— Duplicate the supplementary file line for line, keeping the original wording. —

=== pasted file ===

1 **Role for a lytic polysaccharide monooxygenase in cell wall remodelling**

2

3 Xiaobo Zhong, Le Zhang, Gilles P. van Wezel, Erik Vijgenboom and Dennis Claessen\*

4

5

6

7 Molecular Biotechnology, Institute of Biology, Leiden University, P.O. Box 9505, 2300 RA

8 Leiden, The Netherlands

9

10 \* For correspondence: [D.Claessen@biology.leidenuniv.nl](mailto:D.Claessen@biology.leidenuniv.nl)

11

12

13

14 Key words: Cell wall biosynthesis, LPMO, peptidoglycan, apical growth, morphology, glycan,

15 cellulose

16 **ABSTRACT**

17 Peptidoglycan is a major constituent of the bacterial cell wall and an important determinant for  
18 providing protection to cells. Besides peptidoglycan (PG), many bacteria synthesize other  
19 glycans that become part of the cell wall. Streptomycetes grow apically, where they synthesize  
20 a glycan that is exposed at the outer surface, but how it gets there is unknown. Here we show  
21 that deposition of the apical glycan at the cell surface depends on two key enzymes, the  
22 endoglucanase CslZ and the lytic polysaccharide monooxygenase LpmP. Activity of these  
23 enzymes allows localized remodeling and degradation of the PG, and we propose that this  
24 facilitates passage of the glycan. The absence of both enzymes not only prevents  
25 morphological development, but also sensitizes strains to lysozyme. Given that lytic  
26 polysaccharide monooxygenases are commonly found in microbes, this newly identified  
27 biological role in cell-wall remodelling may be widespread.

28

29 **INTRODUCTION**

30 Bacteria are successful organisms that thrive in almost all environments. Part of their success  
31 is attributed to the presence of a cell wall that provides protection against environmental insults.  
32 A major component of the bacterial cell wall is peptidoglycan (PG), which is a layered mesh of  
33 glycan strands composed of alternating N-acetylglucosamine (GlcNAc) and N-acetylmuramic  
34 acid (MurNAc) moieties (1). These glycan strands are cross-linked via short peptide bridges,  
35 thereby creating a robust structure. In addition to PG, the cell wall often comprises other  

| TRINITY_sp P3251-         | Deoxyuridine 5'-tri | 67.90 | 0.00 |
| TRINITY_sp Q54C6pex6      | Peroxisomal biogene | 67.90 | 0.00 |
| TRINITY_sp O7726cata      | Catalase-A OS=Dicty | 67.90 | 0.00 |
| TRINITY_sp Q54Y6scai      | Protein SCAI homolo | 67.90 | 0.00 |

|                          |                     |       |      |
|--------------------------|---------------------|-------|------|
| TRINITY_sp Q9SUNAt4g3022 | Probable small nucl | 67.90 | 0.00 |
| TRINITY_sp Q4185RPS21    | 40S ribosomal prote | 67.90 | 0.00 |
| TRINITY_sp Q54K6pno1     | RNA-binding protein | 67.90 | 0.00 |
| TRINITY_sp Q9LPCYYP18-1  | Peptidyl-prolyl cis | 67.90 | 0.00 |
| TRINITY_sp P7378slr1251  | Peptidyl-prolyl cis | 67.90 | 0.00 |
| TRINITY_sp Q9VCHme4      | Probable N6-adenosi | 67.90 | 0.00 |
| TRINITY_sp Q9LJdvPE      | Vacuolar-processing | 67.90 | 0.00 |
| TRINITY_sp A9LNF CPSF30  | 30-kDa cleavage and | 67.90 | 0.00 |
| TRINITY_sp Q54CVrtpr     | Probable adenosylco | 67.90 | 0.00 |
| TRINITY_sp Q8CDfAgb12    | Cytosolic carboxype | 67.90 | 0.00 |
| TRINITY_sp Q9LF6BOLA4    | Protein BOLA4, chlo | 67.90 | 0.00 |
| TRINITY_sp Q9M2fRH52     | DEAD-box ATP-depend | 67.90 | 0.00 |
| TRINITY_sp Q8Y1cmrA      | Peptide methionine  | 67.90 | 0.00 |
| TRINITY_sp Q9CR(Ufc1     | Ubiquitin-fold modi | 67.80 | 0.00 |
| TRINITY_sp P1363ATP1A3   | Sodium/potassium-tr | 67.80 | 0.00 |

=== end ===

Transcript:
1 **Role for a lytic polysaccharide monooxygenase in cell wall remodelling**

2

3 Xiaobo Zhong, Le Zhang, Gilles P. van Wezel, Erik Vijgenboom and Dennis Claessen\*

4

5

6

7 Molecular Biotechnology, Institute of Biology, Leiden University, P.O. Box 9505, 2300 RA

8 Leiden, The Netherlands

9

10 \* For correspondence: [D.Claessen@biology.leidenuniv.nl](mailto:D.Claessen@biology.leidenuniv.nl)

11

12

13

14 Key words: Cell wall biosynthesis, LPMO, peptidoglycan, apical growth, morphology, glycan,

15 cellulose

16 **ABSTRACT**

17 Peptidoglycan is a major constituent of the bacterial cell wall and an important determinant for  
18 providing protection to cells. Besides peptidoglycan (PG), many bacteria synthesize other  
19 glycans that become part of the cell wall. Streptomycetes grow apically, where they synthesize  
20 a glycan that is exposed at the outer surface, but how it gets there is unknown. Here we show  
21 that deposition of the apical glycan at the cell surface depends on two key enzymes, the  
22 endoglucanase CslZ and the lytic polysaccharide monooxygenase LpmP. Activity of these  
23 enzymes allows localized remodeling and degradation of the PG, and we propose that this  
24 facilitates passage of the glycan. The absence of both enzymes not only prevents  
25 morphological development, but also sensitizes strains to lysozyme. Given that lytic  
26 polysaccharide monooxygenases are commonly found in microbes, this newly identified  
27 biological role in cell-wall remodelling may be widespread.

28

29 **INTRODUCTION**

30 Bacteria are successful organisms that thrive in almost all environments. Part of their success  
31 is attributed to the presence of a cell wall that provides protection against environmental insults.  
32 A major component of the bacterial cell wall is peptidoglycan (PG), which is a layered mesh of  
33 glycan strands composed of alternating N-acetylglucosamine (GlcNAc) and N-acetylmuramic  
34 acid (MurNAc) moieties (1). These glycan strands are cross-linked via short peptide bridges,  
35 thereby creating a robust structure. In addition to PG, the cell wall often comprises other  

| TRINITY_sp P3251-         | Deoxyuridine 5'-tri | 67.90 | 0.00 |
| TRINITY_sp Q54C6pex6      | Peroxisomal biogene | 67.90 | 0.00 |
| TRINITY_sp O7726cata      | Catalase-A OS=Dicty | 67.90 | 0.00 |
| TRINITY_sp Q54Y6scai      | Protein SCAI homolo | 67.90 | 0.00 |

|                          |                     |       |      |
|--------------------------|---------------------|-------|------|
| TRINITY_sp Q9SUNAt4g3022 | Probable small nucl | 67.90 | 0.00 |
| TRINITY_sp Q4185RPS21    | 40S ribosomal prote | 67.90 | 0.00 |
| TRINITY_sp Q54K6pno1     | RNA-binding protein | 67.90 | 0.00 |
| TRINITY_sp Q9LPCYYP18-1  | Peptidyl-prolyl cis | 67.90 | 0.00 |
| TRINITY_sp P7378slr1251  | Peptidyl-prolyl cis | 67.90 | 0.00 |
| TRINITY_sp Q9VCHme4      | Probable N6-adenosi | 67.90 | 0.00 |
| TRINITY_sp Q9LJdvPE      | Vacuolar-processing | 67.90 | 0.00 |
| TRINITY_sp A9LNF CPSF30  | 30-kDa cleavage and | 67.90 | 0.00 |
| TRINITY_sp Q54CVrtpr     | Probable adenosylco | 67.90 | 0.00 |
| TRINITY_sp Q8CDfAgb12    | Cytosolic carboxype | 67.90 | 0.00 |
| TRINITY_sp Q9LF6BOLA4    | Protein BOLA4, chlo | 67.90 | 0.00 |
| TRINITY_sp Q9M2fRH52     | DEAD-box ATP-depend | 67.90 | 0.00 |
| TRINITY_sp Q8Y1cmrA      | Peptide methionine  | 67.90 | 0.00 |
| TRINITY_sp Q9CR(Ufc1     | Ubiquitin-fold modi | 67.80 | 0.00 |
| TRINITY_sp P1363ATP1A3   | Sodium/potassium-tr | 67.80 | 0.00 |